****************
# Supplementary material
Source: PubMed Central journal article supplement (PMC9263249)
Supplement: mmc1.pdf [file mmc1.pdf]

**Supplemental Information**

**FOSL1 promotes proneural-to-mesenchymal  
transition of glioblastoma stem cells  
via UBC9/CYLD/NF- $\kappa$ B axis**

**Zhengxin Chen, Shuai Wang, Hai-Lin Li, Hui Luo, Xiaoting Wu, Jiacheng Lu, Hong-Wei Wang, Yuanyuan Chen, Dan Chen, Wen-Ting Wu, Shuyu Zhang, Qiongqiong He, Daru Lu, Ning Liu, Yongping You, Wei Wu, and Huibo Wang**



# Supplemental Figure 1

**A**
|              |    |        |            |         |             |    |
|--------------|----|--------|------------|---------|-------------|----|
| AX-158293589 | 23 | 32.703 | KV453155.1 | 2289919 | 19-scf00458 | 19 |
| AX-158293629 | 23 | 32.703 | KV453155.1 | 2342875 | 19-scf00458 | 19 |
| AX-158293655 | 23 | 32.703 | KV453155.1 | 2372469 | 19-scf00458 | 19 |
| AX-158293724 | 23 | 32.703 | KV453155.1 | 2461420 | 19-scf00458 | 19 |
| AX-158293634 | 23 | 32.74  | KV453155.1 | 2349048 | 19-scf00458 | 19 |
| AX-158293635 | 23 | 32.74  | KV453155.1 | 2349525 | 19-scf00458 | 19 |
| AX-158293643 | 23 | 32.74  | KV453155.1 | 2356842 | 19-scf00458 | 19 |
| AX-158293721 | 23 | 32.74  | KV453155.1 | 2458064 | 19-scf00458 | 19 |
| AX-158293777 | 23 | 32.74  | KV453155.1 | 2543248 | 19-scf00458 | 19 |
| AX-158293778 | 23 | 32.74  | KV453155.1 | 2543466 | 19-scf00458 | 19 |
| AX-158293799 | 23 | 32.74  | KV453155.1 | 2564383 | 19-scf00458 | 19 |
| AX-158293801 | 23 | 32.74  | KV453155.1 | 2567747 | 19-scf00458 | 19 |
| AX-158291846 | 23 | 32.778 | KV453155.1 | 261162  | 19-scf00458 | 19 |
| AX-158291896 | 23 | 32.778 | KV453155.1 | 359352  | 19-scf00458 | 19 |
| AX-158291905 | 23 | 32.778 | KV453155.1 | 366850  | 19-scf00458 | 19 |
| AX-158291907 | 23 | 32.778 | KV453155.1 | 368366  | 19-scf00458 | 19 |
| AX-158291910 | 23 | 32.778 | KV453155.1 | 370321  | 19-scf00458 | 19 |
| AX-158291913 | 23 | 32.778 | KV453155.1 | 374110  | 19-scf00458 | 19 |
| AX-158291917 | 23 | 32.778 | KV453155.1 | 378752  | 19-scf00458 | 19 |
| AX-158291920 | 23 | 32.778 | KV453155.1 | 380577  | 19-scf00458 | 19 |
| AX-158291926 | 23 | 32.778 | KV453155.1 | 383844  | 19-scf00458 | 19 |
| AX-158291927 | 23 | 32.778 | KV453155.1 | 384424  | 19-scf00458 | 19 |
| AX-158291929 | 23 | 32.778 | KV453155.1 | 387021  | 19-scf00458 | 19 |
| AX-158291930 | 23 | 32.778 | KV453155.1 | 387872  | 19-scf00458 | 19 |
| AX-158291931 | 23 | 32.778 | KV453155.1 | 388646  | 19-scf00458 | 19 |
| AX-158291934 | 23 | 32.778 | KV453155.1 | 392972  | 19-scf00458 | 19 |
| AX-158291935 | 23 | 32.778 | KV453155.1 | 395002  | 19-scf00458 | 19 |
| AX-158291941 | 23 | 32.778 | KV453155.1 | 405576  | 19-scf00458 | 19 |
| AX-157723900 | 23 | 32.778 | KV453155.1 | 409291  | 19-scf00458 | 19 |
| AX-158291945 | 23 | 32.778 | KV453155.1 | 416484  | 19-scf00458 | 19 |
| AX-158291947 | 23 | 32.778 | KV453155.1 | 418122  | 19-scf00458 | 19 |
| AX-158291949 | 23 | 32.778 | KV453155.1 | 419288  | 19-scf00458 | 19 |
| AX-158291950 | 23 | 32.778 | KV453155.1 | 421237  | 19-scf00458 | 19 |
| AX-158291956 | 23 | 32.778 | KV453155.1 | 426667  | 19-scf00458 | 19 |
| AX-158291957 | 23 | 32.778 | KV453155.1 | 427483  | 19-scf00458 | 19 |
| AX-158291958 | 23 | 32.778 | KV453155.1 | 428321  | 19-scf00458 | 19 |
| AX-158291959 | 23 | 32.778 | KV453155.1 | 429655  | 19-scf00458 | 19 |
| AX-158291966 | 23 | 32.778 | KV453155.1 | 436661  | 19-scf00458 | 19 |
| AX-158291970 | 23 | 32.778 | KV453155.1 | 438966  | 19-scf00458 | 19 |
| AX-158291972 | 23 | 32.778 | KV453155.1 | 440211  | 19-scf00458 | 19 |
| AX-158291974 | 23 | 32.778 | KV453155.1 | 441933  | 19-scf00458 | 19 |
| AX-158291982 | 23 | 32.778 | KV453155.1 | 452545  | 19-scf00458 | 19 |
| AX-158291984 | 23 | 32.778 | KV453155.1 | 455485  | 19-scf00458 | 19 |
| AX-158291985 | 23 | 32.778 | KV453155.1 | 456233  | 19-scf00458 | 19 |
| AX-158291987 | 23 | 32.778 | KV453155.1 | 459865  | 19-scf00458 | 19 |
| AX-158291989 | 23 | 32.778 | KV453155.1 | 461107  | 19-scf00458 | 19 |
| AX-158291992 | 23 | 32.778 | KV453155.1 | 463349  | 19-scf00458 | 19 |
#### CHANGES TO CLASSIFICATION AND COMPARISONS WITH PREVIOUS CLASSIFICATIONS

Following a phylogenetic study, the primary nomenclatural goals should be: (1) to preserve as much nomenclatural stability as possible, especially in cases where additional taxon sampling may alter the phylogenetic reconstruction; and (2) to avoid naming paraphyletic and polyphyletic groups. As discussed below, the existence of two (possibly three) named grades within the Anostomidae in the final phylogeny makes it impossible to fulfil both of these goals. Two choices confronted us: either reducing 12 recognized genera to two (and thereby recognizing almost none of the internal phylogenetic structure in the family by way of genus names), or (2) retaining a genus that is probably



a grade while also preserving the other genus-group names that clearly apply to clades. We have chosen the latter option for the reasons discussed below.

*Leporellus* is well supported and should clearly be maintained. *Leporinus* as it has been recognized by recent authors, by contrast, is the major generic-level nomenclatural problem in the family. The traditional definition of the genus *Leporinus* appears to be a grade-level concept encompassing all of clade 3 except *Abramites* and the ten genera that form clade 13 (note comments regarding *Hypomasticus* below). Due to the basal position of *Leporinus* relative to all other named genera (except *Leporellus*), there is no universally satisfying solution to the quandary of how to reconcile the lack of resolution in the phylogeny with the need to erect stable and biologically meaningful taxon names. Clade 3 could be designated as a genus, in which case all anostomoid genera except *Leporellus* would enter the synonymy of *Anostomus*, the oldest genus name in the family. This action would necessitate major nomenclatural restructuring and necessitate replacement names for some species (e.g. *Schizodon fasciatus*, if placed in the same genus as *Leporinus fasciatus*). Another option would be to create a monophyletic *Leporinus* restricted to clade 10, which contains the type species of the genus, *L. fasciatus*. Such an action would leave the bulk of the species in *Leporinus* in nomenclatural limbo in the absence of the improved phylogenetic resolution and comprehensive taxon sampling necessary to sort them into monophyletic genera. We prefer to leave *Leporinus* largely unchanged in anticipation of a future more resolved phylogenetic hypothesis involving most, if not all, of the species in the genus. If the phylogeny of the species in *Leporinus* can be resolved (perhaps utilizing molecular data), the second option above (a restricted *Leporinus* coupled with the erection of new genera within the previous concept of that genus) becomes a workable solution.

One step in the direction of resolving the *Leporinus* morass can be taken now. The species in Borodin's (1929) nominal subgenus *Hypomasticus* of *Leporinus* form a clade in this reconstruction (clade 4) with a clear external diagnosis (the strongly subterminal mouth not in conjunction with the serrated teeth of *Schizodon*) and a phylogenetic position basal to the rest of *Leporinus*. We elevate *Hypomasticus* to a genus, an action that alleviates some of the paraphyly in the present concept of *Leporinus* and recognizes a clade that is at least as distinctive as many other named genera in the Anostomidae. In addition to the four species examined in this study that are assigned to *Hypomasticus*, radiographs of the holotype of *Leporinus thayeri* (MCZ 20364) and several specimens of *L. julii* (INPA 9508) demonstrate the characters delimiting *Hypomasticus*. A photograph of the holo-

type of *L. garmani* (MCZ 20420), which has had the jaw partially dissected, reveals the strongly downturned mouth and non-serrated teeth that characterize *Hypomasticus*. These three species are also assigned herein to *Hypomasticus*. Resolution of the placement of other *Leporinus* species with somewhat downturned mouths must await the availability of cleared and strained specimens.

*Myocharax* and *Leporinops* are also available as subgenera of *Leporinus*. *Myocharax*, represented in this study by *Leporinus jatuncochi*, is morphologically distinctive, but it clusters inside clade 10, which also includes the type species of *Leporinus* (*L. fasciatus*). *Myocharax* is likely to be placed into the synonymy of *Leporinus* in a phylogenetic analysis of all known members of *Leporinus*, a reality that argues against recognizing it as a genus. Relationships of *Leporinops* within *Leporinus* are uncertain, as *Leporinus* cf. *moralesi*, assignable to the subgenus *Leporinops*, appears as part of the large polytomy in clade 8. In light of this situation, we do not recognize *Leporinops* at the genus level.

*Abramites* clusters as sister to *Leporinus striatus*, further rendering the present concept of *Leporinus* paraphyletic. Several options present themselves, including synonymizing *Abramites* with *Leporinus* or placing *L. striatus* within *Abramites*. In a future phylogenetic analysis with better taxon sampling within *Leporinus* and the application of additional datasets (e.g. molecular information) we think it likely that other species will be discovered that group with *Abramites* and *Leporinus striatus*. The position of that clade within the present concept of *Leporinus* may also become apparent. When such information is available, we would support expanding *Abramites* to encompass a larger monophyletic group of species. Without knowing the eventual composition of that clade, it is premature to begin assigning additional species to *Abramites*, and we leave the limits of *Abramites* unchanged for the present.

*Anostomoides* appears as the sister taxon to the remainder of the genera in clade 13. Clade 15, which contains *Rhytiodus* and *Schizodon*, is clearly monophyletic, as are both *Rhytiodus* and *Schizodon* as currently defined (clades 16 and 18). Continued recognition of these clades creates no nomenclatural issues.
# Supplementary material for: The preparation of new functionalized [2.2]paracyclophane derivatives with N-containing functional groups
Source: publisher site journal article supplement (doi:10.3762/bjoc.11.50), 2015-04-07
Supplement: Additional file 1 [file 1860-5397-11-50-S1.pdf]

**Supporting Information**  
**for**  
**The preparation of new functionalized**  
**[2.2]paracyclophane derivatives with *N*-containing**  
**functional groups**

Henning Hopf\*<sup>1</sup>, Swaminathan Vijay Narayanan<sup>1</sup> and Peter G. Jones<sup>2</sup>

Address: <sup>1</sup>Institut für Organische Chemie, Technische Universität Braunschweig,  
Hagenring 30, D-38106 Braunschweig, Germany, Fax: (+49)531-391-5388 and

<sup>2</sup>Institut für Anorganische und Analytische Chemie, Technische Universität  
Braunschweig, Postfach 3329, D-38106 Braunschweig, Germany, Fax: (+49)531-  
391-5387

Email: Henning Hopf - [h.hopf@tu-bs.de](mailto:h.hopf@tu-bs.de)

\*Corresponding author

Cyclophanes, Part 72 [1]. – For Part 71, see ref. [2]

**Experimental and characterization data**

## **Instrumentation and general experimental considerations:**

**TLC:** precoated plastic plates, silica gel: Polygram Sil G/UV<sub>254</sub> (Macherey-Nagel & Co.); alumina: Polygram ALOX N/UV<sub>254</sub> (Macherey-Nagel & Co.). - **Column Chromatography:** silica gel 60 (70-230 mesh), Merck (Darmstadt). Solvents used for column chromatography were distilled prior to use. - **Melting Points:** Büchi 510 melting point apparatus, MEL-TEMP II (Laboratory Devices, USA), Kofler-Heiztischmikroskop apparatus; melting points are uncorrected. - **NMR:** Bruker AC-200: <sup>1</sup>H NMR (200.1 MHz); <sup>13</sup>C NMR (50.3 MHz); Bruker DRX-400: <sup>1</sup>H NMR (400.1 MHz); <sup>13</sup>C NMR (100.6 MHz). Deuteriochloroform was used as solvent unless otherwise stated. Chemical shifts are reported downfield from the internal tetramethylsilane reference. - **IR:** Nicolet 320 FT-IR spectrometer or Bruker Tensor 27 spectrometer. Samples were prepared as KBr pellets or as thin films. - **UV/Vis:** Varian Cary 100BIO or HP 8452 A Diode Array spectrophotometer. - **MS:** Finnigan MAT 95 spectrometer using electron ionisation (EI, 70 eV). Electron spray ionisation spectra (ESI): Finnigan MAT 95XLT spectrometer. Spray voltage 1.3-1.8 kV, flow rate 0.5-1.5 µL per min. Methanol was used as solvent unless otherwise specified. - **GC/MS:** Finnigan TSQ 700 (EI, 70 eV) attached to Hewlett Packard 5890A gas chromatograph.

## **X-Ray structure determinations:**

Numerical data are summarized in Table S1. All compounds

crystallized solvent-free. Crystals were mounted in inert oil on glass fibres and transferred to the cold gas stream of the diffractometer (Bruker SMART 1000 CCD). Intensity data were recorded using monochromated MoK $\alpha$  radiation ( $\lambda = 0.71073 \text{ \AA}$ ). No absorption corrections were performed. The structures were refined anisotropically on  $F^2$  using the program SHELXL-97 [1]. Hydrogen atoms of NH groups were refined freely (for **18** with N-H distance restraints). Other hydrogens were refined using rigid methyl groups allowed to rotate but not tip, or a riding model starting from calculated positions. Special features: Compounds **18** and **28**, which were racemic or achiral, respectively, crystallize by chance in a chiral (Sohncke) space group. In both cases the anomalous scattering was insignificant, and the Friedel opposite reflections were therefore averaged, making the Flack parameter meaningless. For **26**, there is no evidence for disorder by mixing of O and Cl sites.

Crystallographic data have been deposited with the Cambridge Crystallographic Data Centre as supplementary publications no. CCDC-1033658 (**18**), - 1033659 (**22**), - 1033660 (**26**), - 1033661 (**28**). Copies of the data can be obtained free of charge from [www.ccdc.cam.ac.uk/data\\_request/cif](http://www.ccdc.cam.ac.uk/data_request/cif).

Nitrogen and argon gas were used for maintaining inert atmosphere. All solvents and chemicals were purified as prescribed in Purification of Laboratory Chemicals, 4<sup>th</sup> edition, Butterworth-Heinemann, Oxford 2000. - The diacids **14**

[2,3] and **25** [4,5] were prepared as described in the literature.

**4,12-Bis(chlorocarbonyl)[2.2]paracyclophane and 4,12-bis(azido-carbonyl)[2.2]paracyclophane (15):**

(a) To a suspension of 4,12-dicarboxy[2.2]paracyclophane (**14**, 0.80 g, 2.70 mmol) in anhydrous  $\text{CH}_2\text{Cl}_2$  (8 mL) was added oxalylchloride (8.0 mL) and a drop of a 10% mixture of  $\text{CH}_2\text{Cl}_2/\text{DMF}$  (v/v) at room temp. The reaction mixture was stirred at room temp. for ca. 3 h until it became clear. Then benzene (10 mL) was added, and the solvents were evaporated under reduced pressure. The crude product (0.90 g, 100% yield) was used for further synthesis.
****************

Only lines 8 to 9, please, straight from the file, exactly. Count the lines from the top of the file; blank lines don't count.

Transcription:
**Zhengxin Chen, Shuai Wang, Hai-Lin Li, Hui Luo, Xiaoting Wu, Jiacheng Lu, Hong-Wei Wang, Yuanyuan Chen, Dan Chen, Wen-Ting Wu, Shuyu Zhang, Qiongqiong He, Daru Lu, Ning Liu, Yongping You, Wei Wu, and Huibo Wang**



# Supplemental Figure 1